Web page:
The MetaRouter Concept

  • Topology: Our topology is based on group theory. It reduces the number of rows needed to achieve complete connectivity. A Banyan or Butterfly network requires log 2 N rows to achieve complete connectivity. Our topology achieves complete connectivity in log X N rows, where x is half of the fanout of a switching module. This difference in topology reduces the hardware needed to build a multi-stage switching network by more than a factor of 2.

    We call this topology a Galois Network, named after the French mathematician, Évariste Galois. This was easier than constantly referring to the network as a "blocking compensated cyclic group networks."

  • Routing Algorithm: Our destination-based routing algorithm is similar to that used by the Internet. Each switching module uses its own table to determine how a packet is routed. Our routing algorithm requires more hardware than the routing algorithm used by a Banyan or Butterfly network. It also requires global network information to update the tables. However, our routing algorithm can handle a wider range of topologies; exploit external network redundancy; and tolerate more faults in the network.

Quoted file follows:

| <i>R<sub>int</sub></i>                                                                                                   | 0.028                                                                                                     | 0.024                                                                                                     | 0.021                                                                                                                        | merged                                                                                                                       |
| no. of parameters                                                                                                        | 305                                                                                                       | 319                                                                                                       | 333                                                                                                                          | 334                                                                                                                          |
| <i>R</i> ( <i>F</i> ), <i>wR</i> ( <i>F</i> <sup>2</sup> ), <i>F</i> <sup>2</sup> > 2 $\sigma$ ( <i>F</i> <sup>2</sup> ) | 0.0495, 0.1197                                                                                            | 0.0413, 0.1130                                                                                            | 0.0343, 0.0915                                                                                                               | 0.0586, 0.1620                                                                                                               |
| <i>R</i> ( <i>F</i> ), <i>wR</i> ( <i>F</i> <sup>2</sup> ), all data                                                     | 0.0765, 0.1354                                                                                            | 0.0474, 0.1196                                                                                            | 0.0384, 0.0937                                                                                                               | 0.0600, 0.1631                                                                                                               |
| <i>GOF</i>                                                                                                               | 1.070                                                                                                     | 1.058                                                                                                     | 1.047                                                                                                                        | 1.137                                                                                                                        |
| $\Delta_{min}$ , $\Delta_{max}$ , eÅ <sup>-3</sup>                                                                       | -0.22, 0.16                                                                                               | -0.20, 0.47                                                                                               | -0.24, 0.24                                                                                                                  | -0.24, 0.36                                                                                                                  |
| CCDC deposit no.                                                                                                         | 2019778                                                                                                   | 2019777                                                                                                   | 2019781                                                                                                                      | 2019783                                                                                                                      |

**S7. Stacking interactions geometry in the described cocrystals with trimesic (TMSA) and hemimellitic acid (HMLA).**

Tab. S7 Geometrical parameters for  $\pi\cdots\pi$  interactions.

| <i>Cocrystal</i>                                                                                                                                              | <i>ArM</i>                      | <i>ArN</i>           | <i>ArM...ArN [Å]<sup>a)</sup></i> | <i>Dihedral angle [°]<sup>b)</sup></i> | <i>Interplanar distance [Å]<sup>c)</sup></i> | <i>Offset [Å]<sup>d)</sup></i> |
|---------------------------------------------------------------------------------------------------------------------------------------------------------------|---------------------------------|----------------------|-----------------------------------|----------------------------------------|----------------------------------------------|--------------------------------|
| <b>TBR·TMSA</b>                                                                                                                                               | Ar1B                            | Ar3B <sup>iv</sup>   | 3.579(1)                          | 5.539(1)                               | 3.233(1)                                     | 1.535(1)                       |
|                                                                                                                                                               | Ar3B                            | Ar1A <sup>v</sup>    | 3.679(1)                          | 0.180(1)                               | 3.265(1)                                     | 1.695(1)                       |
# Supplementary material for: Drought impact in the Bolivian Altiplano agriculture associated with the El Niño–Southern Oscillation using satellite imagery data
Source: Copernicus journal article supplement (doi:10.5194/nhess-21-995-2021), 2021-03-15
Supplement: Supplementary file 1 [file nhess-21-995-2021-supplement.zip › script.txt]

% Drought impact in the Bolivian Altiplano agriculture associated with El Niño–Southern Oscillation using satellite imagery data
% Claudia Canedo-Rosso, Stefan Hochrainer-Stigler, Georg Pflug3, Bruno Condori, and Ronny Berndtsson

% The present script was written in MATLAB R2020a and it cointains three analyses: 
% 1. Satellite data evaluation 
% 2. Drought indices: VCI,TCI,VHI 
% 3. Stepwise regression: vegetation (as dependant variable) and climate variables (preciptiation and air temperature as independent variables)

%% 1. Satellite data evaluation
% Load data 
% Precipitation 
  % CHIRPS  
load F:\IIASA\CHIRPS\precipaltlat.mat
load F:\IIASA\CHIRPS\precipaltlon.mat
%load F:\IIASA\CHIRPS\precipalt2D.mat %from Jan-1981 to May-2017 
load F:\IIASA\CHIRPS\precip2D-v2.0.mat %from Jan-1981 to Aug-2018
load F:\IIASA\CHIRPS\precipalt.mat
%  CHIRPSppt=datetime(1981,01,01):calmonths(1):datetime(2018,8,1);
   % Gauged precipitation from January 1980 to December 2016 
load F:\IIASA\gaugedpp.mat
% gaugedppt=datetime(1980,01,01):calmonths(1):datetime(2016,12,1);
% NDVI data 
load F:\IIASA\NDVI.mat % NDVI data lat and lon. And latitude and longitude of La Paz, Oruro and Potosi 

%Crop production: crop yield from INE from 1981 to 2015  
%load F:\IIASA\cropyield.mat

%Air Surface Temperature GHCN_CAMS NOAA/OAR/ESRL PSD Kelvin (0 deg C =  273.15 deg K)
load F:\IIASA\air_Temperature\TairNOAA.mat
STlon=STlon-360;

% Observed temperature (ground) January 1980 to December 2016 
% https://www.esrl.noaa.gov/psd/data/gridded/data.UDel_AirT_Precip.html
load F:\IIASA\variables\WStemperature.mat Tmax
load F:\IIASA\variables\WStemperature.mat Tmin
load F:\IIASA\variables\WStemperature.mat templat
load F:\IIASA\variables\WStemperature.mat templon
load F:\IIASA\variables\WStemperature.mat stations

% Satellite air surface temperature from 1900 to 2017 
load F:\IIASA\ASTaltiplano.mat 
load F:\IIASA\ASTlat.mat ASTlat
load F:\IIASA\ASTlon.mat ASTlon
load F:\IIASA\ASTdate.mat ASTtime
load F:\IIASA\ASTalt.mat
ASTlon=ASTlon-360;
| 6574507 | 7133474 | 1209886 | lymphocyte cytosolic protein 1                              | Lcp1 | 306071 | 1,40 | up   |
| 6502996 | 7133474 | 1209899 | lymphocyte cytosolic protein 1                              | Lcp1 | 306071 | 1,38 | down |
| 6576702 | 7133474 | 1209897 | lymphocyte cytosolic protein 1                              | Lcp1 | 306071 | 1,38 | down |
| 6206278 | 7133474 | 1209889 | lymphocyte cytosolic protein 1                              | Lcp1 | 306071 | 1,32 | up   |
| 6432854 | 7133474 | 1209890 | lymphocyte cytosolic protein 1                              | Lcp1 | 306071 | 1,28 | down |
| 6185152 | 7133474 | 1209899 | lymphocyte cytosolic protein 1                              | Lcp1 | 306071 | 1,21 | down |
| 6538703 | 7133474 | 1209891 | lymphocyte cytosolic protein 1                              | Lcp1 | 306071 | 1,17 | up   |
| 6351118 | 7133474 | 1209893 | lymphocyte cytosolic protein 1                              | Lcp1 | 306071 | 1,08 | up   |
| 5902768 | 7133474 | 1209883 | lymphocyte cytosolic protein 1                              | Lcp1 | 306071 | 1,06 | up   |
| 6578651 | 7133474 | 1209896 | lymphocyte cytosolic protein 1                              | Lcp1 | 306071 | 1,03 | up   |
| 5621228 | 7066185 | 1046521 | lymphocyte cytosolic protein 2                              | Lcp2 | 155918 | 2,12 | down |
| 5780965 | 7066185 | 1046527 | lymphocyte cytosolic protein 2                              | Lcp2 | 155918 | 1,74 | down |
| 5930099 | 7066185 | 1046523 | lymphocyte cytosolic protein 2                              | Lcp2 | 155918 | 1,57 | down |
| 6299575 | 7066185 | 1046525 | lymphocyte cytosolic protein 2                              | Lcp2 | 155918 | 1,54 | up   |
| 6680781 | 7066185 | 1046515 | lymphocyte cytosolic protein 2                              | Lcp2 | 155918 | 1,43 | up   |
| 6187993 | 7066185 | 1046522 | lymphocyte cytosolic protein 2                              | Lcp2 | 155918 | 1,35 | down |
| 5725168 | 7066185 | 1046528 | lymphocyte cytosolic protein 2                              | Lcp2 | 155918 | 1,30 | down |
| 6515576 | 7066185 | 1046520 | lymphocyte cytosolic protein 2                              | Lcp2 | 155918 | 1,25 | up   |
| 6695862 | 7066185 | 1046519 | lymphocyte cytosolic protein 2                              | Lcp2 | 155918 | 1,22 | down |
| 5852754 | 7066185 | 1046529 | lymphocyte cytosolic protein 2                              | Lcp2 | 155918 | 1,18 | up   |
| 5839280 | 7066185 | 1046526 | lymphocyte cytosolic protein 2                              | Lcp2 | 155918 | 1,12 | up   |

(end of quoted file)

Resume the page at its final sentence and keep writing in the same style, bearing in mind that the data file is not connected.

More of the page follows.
• Switching Module: Our switching module consists of buffers, a crossbar, and decision logic which analyzes the packet header, looks up the destination address in a table, and schedules the crossbar.

    We noticed that the functionality of our switching module was similar to that of an off-the-shelf IP router. We then realized that we could avoid having to develop custom hardware via a judicious choice of module interfaces and algorithms. This can be accomplished by:

    • using an IP bit stream format between the modules instead of a proprietary format;

    • using PPP (point-to-point protocol) for flow control instead of a proprietary hardware handshake; and

    • using IP routing between modules instead of a proprietary routing algorithm.

In perspective, any terabit router can be deconstructed into "Cisco" equivalents. This follows from the fact that they are all based on multi-stage switching networks. The only real differences are in the topology, the routing algorithm, and the packaging. In retrospect, it is difficult to construct a proprietary hardware position on top of an open standard such as TCP/IP. (IBM discovered this with their PC.)

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